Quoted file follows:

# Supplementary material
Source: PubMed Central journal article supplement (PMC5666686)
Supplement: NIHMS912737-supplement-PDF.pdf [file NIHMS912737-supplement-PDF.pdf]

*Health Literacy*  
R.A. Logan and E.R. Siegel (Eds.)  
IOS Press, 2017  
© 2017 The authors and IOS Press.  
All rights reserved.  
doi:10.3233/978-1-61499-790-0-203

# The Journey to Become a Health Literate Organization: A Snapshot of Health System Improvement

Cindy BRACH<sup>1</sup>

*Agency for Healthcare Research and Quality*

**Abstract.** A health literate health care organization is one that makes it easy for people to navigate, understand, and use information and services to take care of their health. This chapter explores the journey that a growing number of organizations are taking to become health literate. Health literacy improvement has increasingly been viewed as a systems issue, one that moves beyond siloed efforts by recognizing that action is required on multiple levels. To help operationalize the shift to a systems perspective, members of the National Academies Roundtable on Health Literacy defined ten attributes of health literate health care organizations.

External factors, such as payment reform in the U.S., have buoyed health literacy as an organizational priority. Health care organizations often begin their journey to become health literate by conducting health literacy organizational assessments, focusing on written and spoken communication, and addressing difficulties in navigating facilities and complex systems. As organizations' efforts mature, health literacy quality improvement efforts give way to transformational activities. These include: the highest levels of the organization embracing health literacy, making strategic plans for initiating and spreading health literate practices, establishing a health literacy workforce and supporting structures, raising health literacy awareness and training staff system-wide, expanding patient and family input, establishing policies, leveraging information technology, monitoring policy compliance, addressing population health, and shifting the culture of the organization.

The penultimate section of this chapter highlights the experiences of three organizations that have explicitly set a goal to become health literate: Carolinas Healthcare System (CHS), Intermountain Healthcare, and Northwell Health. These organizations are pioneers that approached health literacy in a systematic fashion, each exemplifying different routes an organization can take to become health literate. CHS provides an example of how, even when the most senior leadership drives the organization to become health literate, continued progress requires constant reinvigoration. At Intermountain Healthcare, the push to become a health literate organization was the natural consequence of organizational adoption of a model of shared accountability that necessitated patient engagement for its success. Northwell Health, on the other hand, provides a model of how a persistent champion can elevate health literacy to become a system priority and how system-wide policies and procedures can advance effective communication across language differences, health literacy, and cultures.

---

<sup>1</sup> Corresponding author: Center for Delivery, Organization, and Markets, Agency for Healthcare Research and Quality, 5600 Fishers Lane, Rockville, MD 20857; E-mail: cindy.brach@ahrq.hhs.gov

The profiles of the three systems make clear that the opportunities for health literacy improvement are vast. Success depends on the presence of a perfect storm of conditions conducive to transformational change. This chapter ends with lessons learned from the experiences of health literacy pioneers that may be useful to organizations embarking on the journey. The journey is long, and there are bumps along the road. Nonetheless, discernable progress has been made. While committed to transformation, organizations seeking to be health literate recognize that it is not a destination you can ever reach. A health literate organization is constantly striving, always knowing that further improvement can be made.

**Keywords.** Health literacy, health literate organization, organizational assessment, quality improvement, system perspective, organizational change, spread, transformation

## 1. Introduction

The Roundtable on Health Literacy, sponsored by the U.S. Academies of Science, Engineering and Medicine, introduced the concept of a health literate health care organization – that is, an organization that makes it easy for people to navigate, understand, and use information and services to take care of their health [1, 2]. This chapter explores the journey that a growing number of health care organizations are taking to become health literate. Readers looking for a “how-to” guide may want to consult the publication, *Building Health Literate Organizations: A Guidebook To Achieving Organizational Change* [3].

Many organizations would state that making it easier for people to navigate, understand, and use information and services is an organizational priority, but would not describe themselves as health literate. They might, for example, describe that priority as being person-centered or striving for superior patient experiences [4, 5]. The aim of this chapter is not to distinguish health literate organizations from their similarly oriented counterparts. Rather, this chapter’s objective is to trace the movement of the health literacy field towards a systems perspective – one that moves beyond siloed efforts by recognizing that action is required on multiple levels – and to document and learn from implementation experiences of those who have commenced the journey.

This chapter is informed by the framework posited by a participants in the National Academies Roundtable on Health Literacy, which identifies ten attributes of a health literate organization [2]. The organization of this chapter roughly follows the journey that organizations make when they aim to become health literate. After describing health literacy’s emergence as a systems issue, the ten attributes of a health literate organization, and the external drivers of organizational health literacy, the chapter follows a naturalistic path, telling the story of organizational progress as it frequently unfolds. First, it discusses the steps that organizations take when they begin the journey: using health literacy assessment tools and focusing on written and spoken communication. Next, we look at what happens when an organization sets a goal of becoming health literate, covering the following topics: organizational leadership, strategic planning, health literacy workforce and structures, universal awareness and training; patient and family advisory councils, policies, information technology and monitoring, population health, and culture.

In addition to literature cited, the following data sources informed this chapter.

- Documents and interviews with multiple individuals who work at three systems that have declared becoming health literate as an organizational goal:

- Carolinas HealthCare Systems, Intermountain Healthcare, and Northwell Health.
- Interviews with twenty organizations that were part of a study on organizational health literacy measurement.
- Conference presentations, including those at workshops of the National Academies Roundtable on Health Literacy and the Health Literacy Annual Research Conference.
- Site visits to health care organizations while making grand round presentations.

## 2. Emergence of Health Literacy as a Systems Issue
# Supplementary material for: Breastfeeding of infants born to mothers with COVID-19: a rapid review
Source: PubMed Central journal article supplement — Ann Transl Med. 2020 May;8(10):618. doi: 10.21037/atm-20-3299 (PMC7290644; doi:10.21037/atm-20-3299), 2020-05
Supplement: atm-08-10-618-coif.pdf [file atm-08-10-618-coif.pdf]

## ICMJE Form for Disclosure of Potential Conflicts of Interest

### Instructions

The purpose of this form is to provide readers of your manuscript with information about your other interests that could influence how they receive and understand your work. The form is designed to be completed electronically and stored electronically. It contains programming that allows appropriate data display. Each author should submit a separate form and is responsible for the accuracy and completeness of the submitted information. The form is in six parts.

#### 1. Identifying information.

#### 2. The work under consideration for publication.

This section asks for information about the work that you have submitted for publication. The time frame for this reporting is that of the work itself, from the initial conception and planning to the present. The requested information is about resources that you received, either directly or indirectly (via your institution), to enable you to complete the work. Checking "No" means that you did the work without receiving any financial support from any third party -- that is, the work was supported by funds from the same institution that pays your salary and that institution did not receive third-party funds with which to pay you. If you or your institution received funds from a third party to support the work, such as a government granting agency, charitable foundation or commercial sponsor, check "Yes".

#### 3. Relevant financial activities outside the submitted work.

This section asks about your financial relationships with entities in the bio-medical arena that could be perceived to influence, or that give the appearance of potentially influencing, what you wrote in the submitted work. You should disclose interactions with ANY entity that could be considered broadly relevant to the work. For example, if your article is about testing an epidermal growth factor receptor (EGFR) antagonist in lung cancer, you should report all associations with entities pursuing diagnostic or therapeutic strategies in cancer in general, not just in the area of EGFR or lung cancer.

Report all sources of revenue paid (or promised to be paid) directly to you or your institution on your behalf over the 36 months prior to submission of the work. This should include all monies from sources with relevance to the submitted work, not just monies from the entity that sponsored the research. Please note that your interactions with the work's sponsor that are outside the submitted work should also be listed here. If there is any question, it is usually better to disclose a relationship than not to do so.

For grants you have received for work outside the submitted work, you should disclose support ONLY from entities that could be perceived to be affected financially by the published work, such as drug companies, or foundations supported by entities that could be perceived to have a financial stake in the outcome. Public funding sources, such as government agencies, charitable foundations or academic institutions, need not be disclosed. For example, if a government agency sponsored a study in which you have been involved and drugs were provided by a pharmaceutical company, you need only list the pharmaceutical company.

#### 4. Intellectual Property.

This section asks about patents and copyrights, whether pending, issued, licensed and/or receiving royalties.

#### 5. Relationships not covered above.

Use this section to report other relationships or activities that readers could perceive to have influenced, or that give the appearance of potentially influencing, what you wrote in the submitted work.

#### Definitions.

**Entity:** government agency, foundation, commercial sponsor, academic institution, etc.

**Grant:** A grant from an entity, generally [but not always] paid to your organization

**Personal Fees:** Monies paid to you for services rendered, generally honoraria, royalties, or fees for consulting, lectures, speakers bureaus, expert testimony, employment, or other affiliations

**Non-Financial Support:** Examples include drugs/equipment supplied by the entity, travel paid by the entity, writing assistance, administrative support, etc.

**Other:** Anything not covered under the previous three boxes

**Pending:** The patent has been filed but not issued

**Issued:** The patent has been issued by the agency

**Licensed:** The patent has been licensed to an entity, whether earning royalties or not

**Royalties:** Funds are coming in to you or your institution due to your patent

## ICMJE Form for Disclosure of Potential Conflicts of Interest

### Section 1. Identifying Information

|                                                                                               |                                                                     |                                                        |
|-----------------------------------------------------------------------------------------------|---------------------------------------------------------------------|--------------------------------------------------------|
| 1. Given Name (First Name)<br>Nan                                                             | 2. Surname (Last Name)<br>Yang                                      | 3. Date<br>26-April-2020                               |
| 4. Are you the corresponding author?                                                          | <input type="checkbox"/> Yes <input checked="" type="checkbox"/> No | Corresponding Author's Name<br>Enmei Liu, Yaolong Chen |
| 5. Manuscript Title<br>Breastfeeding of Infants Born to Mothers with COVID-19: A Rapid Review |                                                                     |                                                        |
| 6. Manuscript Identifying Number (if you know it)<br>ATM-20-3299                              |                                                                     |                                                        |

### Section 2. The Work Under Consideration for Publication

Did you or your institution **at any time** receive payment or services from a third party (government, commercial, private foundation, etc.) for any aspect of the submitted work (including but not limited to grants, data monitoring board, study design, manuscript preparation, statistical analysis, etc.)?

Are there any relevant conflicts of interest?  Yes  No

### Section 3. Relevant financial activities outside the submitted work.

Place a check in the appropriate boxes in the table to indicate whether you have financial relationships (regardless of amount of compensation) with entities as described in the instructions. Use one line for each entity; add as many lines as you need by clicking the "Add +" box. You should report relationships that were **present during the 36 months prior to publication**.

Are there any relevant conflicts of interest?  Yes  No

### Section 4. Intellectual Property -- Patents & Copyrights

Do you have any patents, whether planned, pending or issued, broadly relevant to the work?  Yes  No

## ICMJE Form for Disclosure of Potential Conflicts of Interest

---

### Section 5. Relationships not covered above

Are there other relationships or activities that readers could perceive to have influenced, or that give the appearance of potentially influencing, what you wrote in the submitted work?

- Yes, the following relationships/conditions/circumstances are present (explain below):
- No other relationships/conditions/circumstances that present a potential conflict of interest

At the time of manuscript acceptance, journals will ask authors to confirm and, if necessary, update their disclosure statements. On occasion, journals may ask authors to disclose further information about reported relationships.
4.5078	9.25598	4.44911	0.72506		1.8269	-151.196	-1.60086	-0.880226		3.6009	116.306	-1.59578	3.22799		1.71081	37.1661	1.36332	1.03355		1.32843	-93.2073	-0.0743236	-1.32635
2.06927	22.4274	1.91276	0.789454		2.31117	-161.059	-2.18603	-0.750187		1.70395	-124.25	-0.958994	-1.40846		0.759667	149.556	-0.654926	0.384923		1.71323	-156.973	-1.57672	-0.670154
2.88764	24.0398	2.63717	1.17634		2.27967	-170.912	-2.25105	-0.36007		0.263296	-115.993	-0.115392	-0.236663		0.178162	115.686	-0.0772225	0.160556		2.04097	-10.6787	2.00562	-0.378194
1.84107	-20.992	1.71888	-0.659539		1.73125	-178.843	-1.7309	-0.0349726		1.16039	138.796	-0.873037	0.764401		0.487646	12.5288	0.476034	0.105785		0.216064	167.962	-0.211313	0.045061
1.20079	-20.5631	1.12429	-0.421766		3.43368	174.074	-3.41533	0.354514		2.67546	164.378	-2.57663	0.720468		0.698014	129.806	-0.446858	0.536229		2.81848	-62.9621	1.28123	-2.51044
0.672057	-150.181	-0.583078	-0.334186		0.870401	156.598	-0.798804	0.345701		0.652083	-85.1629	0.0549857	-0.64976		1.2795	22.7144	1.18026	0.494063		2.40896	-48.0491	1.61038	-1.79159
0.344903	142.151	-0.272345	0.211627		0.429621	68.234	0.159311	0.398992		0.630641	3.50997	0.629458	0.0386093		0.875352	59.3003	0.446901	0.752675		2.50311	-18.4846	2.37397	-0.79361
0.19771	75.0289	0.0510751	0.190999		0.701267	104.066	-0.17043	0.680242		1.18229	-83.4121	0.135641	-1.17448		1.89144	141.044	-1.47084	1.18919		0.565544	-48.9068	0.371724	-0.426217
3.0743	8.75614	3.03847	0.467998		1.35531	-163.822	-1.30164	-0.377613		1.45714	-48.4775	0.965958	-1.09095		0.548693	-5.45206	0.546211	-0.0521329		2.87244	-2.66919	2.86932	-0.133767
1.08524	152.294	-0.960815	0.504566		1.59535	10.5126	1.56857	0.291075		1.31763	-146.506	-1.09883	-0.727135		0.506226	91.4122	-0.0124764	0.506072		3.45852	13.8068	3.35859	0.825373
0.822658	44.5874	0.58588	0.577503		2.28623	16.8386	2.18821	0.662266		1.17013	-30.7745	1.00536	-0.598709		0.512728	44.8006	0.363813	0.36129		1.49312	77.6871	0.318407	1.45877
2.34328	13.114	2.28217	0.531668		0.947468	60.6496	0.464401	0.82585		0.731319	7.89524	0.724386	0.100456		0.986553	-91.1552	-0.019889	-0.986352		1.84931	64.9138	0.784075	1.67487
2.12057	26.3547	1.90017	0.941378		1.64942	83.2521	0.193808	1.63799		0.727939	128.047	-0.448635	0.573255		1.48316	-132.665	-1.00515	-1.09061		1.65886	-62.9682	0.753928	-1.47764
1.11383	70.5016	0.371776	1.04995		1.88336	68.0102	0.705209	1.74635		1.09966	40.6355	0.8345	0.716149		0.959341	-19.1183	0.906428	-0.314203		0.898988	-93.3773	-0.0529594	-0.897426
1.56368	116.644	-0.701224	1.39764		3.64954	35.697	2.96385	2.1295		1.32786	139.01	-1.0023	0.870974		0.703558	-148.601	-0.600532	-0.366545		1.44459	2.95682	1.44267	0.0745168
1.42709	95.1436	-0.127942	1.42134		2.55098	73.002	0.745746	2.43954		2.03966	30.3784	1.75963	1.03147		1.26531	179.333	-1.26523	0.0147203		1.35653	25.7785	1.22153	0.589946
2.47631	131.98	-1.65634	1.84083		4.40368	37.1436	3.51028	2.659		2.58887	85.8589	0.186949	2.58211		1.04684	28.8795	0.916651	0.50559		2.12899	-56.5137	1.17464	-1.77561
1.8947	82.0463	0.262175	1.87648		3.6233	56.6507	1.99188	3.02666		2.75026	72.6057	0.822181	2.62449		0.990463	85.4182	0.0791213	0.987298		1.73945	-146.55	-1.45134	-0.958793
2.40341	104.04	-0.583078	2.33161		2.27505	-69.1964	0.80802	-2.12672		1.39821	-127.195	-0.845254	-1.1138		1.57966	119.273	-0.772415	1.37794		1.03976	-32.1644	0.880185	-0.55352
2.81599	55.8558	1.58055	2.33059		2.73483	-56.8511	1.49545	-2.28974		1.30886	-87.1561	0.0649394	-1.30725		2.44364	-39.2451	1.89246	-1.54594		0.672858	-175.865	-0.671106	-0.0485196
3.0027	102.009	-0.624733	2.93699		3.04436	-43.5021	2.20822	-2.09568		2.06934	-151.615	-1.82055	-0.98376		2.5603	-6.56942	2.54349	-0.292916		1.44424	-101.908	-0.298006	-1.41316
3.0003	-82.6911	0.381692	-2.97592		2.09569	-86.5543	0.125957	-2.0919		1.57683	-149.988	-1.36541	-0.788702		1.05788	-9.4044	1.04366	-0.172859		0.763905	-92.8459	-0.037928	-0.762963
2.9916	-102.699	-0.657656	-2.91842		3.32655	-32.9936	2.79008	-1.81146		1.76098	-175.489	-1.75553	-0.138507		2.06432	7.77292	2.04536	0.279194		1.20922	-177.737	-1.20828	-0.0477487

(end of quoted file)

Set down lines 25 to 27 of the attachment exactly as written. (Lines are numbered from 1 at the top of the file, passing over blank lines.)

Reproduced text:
- Documents and interviews with multiple individuals who work at three systems that have declared becoming health literate as an organizational goal:

- Carolinas HealthCare Systems, Intermountain Healthcare, and Northwell Health.
- Interviews with twenty organizations that were part of a study on organizational health literacy measurement.